Secretary of State Maggie Toulouse Oliver is sticking to her guns.
In a 23-page response to a lawsuit filed by the state Republican and Libertarian parties and others, lawyers representing the Democrat in charge of New Mexico elections rejected their claim that the state Legislature did away with straight-party voting in 2001 and asserted that Toulouse Oliver has the power to give voters that option.
The response, filed Friday in the state Supreme Court, argues that “the New Mexico Legislature has never prohibited the inclusion of a straight-party voting option on the ballot. The Legislature, instead, left this option, like other options involved in formatting the ballot, to be determined by the secretary of state.”
The state Attorney General’s Office, which is representing her agency, cites a state law that says ballots shall “be in the form prescribed by the secretary of state.” This, the response claims, leaves it to the secretary of state to decide whether a straight-ticket option is on the ballot.
Opponents of straight-party voting have claimed that Toulouse Oliver is trying to revive the practice in order to help Democratic Party candidates — including herself. The argument is that candidates in down-ballot races who aren’t Democrats will suffer if enough people vote straight Democratic. More voters in this state are registered as Democrats than with any other party.
The petition also argues that a straight-party option violates the Constitutional right of equal protection under law. Independent and minor-party candidates already face unique hurdles to even get on the ballot, the petition says. Plaintiffs also say Toulouse Oliver should have gone through a rule-making process instead of making a unilateral decision.
Much of the arguments in both the petition and the response deal with a bill that passed the Legislature in 2001.
House Bill 931, which passed both the House and Senate unanimously, dealt primarily with technical issues surrounding touch-screen voting machines. Neither the bill itself nor the accompanying fiscal impact report mention the phrase “straight-party voting.”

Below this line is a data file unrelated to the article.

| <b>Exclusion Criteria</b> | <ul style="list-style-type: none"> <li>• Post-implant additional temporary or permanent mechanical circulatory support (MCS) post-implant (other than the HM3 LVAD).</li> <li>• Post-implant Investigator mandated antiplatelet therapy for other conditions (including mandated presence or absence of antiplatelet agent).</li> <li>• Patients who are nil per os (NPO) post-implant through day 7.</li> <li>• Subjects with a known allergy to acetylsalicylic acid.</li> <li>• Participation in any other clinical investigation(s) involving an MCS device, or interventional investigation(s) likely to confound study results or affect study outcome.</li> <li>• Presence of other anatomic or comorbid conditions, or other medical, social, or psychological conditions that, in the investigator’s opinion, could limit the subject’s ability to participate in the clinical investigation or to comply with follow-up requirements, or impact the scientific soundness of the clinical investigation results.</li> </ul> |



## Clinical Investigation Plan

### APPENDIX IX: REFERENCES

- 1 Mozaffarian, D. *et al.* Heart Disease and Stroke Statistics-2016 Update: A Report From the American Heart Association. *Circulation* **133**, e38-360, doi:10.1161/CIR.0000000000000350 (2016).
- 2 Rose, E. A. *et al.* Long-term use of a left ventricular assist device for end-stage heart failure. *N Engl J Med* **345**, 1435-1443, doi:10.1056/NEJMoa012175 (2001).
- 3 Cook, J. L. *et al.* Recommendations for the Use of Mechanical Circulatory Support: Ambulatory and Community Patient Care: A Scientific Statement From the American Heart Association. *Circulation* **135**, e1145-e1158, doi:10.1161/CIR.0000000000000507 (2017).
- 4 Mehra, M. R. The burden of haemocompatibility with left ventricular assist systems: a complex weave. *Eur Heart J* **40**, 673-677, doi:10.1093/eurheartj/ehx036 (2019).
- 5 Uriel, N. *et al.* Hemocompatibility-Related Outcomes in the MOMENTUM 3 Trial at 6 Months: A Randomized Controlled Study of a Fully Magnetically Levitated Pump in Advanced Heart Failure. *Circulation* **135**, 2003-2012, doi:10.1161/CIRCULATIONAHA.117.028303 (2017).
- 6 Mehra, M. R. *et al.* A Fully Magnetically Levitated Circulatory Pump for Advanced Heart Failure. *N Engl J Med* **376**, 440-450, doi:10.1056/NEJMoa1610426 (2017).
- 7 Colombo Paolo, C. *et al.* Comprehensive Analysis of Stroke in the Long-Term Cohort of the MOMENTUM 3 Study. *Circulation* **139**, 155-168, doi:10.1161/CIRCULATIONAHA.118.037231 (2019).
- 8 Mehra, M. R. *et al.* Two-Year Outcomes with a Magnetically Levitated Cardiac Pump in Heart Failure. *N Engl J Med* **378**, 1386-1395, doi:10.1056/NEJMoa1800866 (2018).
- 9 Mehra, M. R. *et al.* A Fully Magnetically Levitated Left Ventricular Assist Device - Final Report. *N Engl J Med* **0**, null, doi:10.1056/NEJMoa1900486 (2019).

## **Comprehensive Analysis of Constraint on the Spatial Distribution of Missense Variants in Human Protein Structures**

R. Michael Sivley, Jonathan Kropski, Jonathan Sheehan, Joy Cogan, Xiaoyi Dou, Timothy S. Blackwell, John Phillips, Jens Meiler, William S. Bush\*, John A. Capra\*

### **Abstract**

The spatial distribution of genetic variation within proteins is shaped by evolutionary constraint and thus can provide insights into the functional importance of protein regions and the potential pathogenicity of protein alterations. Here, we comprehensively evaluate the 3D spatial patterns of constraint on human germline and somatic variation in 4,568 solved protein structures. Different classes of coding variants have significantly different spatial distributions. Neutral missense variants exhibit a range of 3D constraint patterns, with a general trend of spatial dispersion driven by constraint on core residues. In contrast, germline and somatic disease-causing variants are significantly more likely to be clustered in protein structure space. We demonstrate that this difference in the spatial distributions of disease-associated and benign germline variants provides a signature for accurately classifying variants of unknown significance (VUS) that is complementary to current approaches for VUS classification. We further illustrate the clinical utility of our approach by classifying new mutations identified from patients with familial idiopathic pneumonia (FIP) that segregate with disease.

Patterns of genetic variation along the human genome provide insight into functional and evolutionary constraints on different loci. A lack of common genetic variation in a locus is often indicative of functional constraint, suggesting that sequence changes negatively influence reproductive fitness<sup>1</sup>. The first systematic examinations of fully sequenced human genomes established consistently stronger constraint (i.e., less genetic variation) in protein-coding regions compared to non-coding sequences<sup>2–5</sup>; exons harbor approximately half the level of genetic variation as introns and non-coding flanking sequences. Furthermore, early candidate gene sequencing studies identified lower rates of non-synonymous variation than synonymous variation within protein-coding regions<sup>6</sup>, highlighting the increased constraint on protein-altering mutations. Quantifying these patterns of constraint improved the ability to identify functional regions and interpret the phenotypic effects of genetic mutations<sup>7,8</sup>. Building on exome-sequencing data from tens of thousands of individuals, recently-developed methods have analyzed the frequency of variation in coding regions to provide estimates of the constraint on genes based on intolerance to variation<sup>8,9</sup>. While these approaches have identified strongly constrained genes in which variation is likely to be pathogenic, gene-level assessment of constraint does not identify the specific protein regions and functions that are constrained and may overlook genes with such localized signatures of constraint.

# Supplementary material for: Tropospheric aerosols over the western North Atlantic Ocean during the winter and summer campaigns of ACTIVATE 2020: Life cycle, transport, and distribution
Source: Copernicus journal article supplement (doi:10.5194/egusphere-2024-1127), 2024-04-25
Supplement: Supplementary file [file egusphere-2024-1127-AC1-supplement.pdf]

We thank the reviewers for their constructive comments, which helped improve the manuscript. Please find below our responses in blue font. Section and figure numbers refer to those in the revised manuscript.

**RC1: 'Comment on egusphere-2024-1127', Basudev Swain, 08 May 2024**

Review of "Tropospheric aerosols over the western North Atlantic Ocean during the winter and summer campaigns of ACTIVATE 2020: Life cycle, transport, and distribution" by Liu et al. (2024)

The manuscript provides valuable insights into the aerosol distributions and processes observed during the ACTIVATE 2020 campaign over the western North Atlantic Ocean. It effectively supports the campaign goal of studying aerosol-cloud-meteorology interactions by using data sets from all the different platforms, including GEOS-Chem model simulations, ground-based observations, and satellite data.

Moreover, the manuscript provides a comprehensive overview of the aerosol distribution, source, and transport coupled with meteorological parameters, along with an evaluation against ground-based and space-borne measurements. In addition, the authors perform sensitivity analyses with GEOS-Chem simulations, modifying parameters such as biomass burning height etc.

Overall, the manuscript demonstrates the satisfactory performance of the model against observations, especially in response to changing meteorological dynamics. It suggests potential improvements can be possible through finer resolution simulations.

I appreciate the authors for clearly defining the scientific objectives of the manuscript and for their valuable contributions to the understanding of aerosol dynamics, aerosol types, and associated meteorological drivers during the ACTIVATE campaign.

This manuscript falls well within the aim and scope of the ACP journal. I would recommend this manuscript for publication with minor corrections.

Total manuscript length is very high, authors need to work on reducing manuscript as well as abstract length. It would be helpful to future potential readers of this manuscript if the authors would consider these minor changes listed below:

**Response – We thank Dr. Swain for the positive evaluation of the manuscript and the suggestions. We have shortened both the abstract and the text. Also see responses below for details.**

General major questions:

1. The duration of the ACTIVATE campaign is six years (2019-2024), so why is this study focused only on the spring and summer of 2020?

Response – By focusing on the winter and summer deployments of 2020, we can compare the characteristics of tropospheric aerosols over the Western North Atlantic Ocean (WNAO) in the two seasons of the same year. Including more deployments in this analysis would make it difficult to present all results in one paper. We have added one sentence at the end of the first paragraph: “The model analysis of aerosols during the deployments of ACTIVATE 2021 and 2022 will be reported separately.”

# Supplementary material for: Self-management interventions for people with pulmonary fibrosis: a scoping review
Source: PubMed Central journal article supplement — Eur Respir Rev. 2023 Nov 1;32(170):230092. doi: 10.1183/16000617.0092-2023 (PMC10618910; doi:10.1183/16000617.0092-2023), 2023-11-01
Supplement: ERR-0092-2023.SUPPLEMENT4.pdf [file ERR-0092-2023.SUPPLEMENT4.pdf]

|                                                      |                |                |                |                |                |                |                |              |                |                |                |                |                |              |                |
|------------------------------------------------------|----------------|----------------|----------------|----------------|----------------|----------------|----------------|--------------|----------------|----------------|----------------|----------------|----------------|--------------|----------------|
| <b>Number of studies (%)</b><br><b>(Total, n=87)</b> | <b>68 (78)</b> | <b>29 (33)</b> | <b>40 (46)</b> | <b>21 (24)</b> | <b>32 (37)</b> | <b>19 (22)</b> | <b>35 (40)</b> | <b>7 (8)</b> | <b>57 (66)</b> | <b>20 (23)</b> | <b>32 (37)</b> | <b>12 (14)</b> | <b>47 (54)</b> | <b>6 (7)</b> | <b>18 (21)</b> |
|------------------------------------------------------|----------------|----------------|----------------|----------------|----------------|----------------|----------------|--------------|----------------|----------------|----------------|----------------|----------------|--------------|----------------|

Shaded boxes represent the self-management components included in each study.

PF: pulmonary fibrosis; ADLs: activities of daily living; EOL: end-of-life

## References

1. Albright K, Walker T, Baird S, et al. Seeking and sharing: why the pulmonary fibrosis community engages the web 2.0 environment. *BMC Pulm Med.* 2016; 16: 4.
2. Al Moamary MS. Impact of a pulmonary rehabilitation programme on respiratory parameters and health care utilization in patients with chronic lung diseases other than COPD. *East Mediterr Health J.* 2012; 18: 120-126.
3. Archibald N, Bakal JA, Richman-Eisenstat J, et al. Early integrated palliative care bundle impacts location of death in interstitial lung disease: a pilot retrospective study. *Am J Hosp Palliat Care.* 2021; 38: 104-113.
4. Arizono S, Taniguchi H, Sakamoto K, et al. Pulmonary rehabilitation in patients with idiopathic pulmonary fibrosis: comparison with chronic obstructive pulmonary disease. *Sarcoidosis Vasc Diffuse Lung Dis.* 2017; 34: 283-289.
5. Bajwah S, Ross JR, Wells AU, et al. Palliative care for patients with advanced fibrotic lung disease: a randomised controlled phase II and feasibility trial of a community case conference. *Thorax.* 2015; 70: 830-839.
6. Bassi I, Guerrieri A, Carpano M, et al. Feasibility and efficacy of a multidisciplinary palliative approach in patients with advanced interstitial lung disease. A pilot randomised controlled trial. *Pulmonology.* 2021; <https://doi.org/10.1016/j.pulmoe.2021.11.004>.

However, the bill repealed a section of the state Election Code dealing with technical requirements for old lever-operated voting machines, everything from the construction materials and workmanship to the machine’s ability to print out voting results, the response says.
“Petitioners arrive at the unlikely result that the repeal of these specifications and the Legislature’s adoption of electronic voting in 2001 expresses unambiguous legislative intent to prohibit a straight-party voting option,” the response says.
The state kept straight-party voting for 10 years after HB 931 became law. Then, in 2011, when Dianna Duran became secretary of state — the first Republican to hold that position in decades — she got rid of the straight-party option.
The New Mexico Supreme Court has set a hearing on the court challenge for Wednesday.
Besides the Republican and Libertarian parties, plaintiffs include Unite New Mexico, a group backing independent legislative candidates on the ballot — namely Jarratt Applewhite, who is running against state Rep. Matthew McQueen, D-Galisteo, in District 50, and former state Rep. Treciafaye “Tweeti” Blancett of Eagle Nest, who is running for retiring Rep. Nick Salazar’s seat in District 40.
Other plaintiffs are Heather Nordquist, a Democrat running as a write-in candidate against Democrat Andrea Romero for the state House District 46 seat in Santa Fe County, and Liberty PAC, a Libertarian political action committee supporting former Gov. Gary Johnson, who is trying to defeat incumbent Democratic U.S. Sen. Martin Heinrich and GOP candidate Mick Rich.